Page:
"We have no other option; collaboration is necessary to save the world," Indonesian President Joko Widodo said at the summit's opening ceremony. As G20 chair this year, Indonesia opted for the theme Recover Together, Recover Stronger, listing global healthcare architecture, digital transformation and energy transition as its three priority issues.

"All three topics are closely related to the economic and social recovery that is of concern to all countries in the pandemic's aftermath," Xu Liping, a researcher with the National Institute of International Strategy, said in an interview with Global People, a comprehensive political journal in China.

"The current situation of the world economy is similar to that in 2008; the risk of an economic and financial crisis exists," Xu Feibiao said, elaborating it is necessary for all countries in the world to jointly rise to the occasion. "In the short term, it is imperative to work together to defuse financial risks and promote economic stability. In the long run, the international community needs to boost economic structural reform, enhance sustainable development, improve global economic and security governance, and build a fair and equitable international order."

Global recovery depends on the shared understanding of the interdependence of actions, effectively steering the world's economies, he pointed out.

The G20 2022 logo outside the summit's main venue in Bali, Indonesia (XINHUA)

Peace and change

More and more political analysts believe the G20 summit should be about economic and development issues instead of serving as a political forum. However, political stability is a prerequisite for economic development, and economic growth and cooperation in turn can promote geopolitical stability.

Wrangling over the Russia-Ukraine conflict dominated the Bali summit. "The conflict's impact on the global economy is two-fold. On the one hand, Russia is a big oil and gas exporter; Europe is heavily dependent on Russia's energy and the imposed Western sanctions on Russia directly led to the current world energy crisis. On the other hand, both Russia and Ukraine are important grain suppliers and their grain exports have been greatly affected by the continuing conflict," Wang Xiaowei, a research fellow with the European Studies Center at the China University of Political Science and Law, told Beijing Review.

Wang said the importance of the G20 to Russia is on the rise. Compared with the BRICS or the Shanghai Cooperation Organization, the G20 is one of the few platforms for Russia to have a direct dialogue with Western countries.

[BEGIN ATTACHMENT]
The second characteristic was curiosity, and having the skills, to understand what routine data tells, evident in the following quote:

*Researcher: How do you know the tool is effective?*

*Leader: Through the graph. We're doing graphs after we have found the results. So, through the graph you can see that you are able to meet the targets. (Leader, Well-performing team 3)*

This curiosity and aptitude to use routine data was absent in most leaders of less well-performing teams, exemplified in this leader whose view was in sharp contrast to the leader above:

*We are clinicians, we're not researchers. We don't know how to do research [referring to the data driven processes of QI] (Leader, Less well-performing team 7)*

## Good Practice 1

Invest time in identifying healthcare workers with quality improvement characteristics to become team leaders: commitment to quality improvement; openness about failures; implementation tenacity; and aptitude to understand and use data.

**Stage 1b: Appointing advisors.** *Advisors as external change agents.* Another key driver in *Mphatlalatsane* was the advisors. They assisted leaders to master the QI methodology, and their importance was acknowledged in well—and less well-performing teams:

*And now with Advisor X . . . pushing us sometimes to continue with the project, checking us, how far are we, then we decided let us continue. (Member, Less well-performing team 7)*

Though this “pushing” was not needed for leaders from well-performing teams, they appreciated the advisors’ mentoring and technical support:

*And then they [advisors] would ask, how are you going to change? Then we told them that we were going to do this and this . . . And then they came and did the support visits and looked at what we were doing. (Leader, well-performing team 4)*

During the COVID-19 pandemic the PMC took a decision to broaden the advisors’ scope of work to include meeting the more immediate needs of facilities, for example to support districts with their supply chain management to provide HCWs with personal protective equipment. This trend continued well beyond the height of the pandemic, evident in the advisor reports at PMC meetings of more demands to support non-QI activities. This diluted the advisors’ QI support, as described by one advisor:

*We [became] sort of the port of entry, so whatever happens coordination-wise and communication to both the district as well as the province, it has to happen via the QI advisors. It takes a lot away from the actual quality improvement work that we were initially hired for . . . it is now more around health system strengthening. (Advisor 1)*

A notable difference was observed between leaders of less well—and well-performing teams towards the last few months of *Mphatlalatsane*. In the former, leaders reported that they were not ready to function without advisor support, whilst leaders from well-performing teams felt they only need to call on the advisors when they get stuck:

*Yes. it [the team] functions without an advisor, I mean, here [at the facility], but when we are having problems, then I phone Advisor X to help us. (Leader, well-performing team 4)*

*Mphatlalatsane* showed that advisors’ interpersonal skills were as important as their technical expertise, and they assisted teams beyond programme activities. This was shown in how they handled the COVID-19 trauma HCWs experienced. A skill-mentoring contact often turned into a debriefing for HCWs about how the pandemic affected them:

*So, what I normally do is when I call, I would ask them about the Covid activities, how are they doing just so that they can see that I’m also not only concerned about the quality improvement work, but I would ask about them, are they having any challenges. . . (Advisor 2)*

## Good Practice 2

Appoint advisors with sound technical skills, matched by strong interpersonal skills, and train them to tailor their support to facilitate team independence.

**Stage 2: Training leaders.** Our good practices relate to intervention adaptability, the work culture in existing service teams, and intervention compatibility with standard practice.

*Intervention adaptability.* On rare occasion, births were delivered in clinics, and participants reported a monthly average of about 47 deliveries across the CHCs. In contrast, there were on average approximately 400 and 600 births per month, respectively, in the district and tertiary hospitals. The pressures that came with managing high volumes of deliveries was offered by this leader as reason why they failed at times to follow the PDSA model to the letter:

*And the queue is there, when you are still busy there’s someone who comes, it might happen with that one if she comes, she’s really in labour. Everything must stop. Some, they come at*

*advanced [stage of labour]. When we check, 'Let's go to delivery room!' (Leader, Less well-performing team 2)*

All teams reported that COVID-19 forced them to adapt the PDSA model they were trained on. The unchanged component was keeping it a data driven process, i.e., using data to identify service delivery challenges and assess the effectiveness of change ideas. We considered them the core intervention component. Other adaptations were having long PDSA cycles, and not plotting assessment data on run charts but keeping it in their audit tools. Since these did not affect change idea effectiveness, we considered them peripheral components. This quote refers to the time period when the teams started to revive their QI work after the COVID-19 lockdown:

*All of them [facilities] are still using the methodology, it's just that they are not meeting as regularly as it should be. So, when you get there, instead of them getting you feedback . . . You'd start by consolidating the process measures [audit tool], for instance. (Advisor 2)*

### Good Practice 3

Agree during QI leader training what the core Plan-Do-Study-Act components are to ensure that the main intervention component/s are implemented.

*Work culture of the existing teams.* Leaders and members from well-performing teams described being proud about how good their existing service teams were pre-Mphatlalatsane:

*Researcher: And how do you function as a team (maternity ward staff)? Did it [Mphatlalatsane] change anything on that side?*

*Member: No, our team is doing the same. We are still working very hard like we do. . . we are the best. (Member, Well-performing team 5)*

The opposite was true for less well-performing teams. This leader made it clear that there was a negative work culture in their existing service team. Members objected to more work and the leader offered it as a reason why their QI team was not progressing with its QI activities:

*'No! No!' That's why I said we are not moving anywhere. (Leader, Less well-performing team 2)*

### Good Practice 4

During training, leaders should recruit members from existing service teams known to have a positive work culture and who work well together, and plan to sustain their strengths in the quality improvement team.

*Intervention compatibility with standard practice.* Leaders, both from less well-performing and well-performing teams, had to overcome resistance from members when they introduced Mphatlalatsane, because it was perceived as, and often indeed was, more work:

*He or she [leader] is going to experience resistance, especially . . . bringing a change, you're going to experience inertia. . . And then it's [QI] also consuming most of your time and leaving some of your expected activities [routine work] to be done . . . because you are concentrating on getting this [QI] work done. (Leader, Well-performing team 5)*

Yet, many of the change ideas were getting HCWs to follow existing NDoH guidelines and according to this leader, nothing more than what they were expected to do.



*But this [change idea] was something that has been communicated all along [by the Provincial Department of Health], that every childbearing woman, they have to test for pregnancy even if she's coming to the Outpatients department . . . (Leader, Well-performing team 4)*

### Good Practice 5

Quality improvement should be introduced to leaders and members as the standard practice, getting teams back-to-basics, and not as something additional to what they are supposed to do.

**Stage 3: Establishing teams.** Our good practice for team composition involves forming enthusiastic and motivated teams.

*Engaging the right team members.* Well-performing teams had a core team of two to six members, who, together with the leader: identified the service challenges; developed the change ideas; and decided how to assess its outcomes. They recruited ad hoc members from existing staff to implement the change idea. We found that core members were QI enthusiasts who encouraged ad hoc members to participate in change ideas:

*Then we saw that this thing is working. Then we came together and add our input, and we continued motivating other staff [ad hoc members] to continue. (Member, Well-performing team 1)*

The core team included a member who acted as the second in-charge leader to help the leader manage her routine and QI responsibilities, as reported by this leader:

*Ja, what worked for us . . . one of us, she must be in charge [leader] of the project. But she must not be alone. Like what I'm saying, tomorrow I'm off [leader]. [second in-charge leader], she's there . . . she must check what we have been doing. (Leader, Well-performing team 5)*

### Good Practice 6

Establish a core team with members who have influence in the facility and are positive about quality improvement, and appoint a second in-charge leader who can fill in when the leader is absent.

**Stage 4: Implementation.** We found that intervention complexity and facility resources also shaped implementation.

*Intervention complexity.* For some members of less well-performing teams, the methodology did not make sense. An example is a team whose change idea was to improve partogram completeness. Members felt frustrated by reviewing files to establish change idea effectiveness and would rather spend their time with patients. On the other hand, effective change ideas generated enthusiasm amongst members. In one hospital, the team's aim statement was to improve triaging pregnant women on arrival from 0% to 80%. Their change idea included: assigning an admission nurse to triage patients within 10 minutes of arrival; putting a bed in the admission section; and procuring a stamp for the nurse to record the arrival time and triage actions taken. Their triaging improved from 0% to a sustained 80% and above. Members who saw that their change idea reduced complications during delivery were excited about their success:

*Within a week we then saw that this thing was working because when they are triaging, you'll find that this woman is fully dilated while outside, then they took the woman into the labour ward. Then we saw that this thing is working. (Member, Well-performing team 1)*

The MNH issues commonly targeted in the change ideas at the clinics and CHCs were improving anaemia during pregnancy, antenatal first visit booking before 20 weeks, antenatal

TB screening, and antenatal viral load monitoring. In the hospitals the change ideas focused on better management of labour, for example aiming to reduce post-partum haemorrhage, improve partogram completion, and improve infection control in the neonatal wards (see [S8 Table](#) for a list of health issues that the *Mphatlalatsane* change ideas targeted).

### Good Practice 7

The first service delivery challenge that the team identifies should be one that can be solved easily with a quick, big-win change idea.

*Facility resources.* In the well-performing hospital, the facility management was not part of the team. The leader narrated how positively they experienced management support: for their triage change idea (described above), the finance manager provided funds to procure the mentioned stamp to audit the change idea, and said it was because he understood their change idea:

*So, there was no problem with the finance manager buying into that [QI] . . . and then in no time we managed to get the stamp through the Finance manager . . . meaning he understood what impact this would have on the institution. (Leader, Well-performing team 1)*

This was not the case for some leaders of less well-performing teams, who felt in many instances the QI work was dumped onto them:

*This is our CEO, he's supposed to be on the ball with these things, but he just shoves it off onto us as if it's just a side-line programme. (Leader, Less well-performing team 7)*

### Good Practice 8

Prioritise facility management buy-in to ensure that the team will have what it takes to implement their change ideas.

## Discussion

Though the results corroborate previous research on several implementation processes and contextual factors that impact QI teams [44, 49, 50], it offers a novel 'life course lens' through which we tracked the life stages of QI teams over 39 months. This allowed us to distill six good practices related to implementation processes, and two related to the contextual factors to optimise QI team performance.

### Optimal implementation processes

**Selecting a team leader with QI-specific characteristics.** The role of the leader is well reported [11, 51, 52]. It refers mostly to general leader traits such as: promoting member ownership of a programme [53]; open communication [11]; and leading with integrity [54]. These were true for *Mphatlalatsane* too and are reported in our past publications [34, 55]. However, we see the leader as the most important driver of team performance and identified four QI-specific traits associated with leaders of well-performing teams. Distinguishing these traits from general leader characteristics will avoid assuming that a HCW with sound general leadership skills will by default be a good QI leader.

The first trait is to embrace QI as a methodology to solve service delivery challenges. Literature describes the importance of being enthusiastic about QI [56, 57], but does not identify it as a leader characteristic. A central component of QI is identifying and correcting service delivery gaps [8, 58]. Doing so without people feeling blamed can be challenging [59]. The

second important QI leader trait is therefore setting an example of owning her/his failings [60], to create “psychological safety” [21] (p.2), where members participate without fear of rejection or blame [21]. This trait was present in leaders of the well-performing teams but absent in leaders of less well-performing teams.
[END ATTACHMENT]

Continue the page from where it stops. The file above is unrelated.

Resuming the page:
Although Russian President Vladimir Putin did not travel to Bali, Russia was not absent from the gathering. During the summit, Russian Foreign Minister Sergei Lavrov had brief talks with German Chancellor Olaf Scholz and French President Emmanuel Macron, and met with Chinese Foreign Minister Wang Yi. Wang Yi stated China will continue to maintain an objective and fair position and play a constructive role in the promotion of peace talks on the Ukraine crisis. Lavrov responded Russia will remain open to discussion and negotiation.

A citizen receives a dose of a China-made COVID-19 vaccine in Bangkok, Thailand, on May 12 (XINHUA)

China's input

As the world's second largest economy and its largest developing country, China is one of the strongest supporters of the G20 mechanism and plays an important role in addressing global challenges and improving global economic governance.

At the G20 Bali Summit, Chinese President Xi Jinping delivered a speech entitled Working Together to Meet the Challenges of Our Times and Build a Better Future, in which he called for collective action and close cooperation to make global development more inclusive, more resilient and beneficial to all.

"China has always been a promoter of global economic development, a defender of world peace and stability, and a contributor to a fair and equitable international order," Xu Feibiao said, adding that economically, China has dynamically promoted the policy of reform and opening up and industrial transformation and upgrading. In the past decade, the country has contributed an average 38.6 percent to world economic growth, more than the contribution of the G7 countries combined. Politically, as the world's only global power rising through mutual benefit and peaceful development, China has never initiated a war, but is the second largest contributor to both the regular and peacekeeping budgets of the UN, and the largest troop contributor among the permanent members of the UN Security Council.

To promote world development and maintain world peace, Xi has put forward the vision of a community with a shared future for humanity. Via emerging international cooperation mechanisms such as the Belt and Road Initiative, a China-proposed initiative that aims to boost connectivity along and beyond the ancient Silk Road routes, it has taken concrete actions to achieve common prosperity with partner countries.

"China has become a key champion of world peace and development," Xu Feibiao concluded.

(Print Edition Title: Declaration of Interdependence)

Copyedited by Elsbeth van Paridon